FBM: You're a quality, but colorful commentator for ESPN. How are you enjoying your time at the World Wide Leader in Sports?

AL: Love it. I recognize that I’m in the entertainment business and I make no bones about it. My job is to be informative and entertaining. Finding the proper balance is what makes you good and finding it consistently is what makes you great. I’m not there yet, but I think I’m getting better. I’m paid to have an opinion, people don’t always agree with me, but that’s part of what makes it interesting and why I watch sports. I try to be objective and fair without losing the passion and energy that I think is needed to do this job. Hopefully I can keep doing it for many years.

FBM: Continuing on the topic of ESPN. Your network has gotten a bad rap for its perceived hostility towards soccer in the past, but with stepped up coverage of the English Premier League and, obviously, their phenomenal coverage of the World Cup this summer. Is that criticism misplaced? What about their coverage of Major League Soccer, though?

AL: You should always expect more from ESPN, we’re the “world-wide leader in sports”. But it it’s also a business and I think we all understand that soccer doesn’t yet generate the revenue that the other sports do.

This summer, for the first time, we gave the American public a World Cup that wasn’t dumbed down or diluted. We were inclusive and respected the fact that many people were watching simply for the event, but we didn’t hold people’s hands. This actually gave the World Cup more relevancy and credibility even for the casual viewer because it mirrored the way that other major sports are broadcast.

MLS is a problem. I’ll be honest; the MLS rating need to improve. We have to find a way to translate the excitement that we see in many markets to viewership. I know the proverbial chicken and egg argument about marketing/promotion and it’s legitimate, but we can’t simply look to ESPN to solve the problem; MLS has to figure out a way to make the league, the games and the players more relevant to the general public.

FBM: You spoke at the first-ever American Outlaws Rally in Las Vegas in March. What role do fans like the Outlaws play in the support of the team and the growth of the game here?

AL: It’s not lip service when I say that supporter’s groups like The American Outlaws are as important, and in many cases more so, than any of us who ever kicked a ball. They have sustained and nourished our sport through the lean years and, thanks in large part to the new media explosion, are starting to be real influencers.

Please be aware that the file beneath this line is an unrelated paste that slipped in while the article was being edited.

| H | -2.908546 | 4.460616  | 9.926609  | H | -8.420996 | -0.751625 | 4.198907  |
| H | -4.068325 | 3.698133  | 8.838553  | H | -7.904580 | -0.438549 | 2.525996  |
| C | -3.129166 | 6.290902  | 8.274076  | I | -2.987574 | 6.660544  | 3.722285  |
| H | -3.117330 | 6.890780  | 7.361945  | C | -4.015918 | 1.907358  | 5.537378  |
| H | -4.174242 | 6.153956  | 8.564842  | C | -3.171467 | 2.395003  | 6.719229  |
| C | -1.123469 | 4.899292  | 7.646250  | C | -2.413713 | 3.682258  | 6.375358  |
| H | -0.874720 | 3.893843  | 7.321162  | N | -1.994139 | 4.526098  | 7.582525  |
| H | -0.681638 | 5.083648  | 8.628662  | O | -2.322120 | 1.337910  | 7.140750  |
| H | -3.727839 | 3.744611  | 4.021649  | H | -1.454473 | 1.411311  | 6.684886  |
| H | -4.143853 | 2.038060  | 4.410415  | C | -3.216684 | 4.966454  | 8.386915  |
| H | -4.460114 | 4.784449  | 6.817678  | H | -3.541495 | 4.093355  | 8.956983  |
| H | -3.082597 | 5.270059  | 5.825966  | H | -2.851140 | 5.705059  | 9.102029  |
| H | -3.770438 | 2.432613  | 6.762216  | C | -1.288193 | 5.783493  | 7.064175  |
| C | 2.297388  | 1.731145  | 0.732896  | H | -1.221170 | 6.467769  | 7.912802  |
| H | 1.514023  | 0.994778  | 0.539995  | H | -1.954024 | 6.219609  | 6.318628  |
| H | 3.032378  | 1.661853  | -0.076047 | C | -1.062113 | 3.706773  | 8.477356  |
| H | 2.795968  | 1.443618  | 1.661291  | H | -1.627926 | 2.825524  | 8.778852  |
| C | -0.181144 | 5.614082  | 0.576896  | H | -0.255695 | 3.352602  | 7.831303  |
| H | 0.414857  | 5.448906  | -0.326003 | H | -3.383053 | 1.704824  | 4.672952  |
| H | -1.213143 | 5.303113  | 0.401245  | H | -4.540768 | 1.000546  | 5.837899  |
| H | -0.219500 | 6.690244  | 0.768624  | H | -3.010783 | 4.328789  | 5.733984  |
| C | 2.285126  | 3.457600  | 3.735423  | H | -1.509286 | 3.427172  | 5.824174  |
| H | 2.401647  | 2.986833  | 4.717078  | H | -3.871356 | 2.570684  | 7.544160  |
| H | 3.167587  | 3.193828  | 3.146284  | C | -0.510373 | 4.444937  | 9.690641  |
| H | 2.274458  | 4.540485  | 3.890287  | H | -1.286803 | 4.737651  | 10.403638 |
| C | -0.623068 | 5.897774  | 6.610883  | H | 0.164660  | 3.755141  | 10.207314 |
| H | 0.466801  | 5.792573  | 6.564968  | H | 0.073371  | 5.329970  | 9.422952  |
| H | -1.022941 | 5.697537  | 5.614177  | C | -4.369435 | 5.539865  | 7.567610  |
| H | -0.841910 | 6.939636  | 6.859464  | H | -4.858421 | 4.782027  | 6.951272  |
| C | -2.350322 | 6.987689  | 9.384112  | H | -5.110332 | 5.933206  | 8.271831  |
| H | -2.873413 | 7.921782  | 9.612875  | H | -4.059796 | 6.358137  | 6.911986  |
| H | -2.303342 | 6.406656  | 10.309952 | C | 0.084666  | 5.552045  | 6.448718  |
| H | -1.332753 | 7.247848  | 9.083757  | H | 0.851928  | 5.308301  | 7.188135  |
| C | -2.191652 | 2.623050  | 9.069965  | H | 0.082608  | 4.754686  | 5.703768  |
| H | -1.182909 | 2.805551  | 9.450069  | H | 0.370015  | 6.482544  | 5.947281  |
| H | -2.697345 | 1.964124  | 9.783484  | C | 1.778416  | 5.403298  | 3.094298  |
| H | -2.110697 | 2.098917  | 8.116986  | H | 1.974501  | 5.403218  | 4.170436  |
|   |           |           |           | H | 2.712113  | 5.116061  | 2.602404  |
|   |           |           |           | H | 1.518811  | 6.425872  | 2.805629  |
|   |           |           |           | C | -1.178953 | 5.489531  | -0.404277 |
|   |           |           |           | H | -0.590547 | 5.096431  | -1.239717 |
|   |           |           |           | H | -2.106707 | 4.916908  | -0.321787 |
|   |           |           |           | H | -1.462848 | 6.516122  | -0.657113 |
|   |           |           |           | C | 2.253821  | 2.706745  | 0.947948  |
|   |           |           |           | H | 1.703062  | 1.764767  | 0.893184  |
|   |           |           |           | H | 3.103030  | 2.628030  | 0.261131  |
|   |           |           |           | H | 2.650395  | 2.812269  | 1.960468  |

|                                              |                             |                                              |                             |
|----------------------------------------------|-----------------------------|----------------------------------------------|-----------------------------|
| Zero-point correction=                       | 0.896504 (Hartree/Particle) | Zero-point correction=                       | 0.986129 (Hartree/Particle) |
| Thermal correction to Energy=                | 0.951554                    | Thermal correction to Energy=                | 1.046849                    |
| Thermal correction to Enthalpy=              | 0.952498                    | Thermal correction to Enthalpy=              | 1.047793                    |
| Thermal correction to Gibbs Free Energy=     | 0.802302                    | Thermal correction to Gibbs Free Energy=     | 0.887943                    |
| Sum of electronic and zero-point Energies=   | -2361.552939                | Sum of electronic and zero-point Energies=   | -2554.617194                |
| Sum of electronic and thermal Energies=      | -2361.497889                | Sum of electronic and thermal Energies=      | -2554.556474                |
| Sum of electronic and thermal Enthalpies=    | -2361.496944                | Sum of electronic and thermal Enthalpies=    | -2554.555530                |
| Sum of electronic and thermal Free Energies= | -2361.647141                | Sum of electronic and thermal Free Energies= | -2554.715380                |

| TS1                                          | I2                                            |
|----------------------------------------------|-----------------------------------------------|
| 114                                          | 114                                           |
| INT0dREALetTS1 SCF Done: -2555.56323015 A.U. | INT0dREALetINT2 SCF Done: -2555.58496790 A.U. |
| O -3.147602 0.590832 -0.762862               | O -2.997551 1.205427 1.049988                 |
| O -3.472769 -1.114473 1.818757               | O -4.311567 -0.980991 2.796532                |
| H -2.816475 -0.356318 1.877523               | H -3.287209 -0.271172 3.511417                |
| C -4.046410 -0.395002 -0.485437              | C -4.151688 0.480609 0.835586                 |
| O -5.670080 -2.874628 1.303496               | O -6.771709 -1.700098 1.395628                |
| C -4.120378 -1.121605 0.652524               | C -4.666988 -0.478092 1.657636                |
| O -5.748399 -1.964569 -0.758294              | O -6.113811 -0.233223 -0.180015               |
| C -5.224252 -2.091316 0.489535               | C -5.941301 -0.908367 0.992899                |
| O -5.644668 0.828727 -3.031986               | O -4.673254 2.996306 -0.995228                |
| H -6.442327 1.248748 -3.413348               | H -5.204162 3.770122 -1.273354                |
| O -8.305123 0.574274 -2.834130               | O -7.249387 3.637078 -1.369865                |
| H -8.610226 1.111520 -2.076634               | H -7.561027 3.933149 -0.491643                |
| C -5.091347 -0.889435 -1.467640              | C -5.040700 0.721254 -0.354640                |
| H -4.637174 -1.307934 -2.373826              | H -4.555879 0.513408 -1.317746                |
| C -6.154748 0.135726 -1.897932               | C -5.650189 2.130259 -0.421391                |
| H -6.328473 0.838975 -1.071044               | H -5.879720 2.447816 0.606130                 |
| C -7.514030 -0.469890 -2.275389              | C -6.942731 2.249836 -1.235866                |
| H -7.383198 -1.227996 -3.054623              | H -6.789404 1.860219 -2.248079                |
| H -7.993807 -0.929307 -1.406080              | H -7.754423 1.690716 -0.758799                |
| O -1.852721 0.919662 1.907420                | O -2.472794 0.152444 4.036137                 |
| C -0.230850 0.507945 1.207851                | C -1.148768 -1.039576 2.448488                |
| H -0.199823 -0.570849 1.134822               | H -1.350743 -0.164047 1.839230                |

I often talk about the soccer army that has been amassing over the years and now has started to come above ground. The battle has only just begun, but I like our odds. The soccer culture is unique and it is enticing to a generation that sees soccer as a legitimate American sport and not just a niche activity. The supporter’s groups are a big reason why the sport has survived, and an even bigger reason why it will thrive.

Less-Than-Serious-But-Just-As-Important-Questions


 

FBM: Do you ever give you brother, (MLSSoccer.com and Goal.com writer) Greg, a hard time for having a more successful soccer career than him?

AL: All the time. I routinely break him down until he’s a sniveling, broken shell of human being. Then I pump him back up and do it all over again…it’s really quite amusing. But I really do love him and he's 10 times the writer that I’ll ever be (but don’t tell him I said that).


FBM: You were famous for rocking some pretty epic facial hair during your playing career. What led to the decision to lose it? Too much for MLS boardrooms? Will it ever make a return, like a some sort-of band reunion tour?

AL: In 2000 I was in Sydney, Australia working the Olympics. On one of the last nights my girlfriend and I hit the town hard. We returned to the hotel and one thing led to another, I never back down from a dare from a beautiful woman. Now it should be noted that my then-girlfriend has since become my wife and mother to my children. Ah, the things we do for love.

As far a return of the goatee; maybe when we host another World Cup. It’ll be like when Cher recently sported her 1980’s era “Turn Back Time” outfit on the MTV Awards. I’m a sucker for nostalgia.

FBM: When you're not on camera what's your beer of choice?

AL: Guinness. Like a Porsche, there is no substitute.

FBM: 1994 U.S. World Cup jerseys.... ugliest shirts ever? What did you think back then?

AL: Yes, but also, I suppose, the most memorable. I think there was this notion that faux denim would be the next big fashion craze and that we would have been ahead of the curve…not so much.  The fact that we were able to succeed in spite of our horrendous attire is a testament to our team.

I’ll never forget the first time Bora (USMNT coach "Bora" Milutinović) saw the jersey, the man speaks 5 languages and he still couldn’t find the words to express his complete and utter disbelief. Of course it could have been worse; it could have actually been real denim!

Many thanks to Alexi for taking the time to answer our 12-pack of questions. We leave you all, dear readers, with Alexi's 1997 appearance on an ESPN SportsCenter commercial:

 

Tags: American Outlaws, Major League Soccer, Twelve-Pack Interview Series, USMNT, World Cup

12-Pack Interview Series: American Outlaws President Korey Donahoo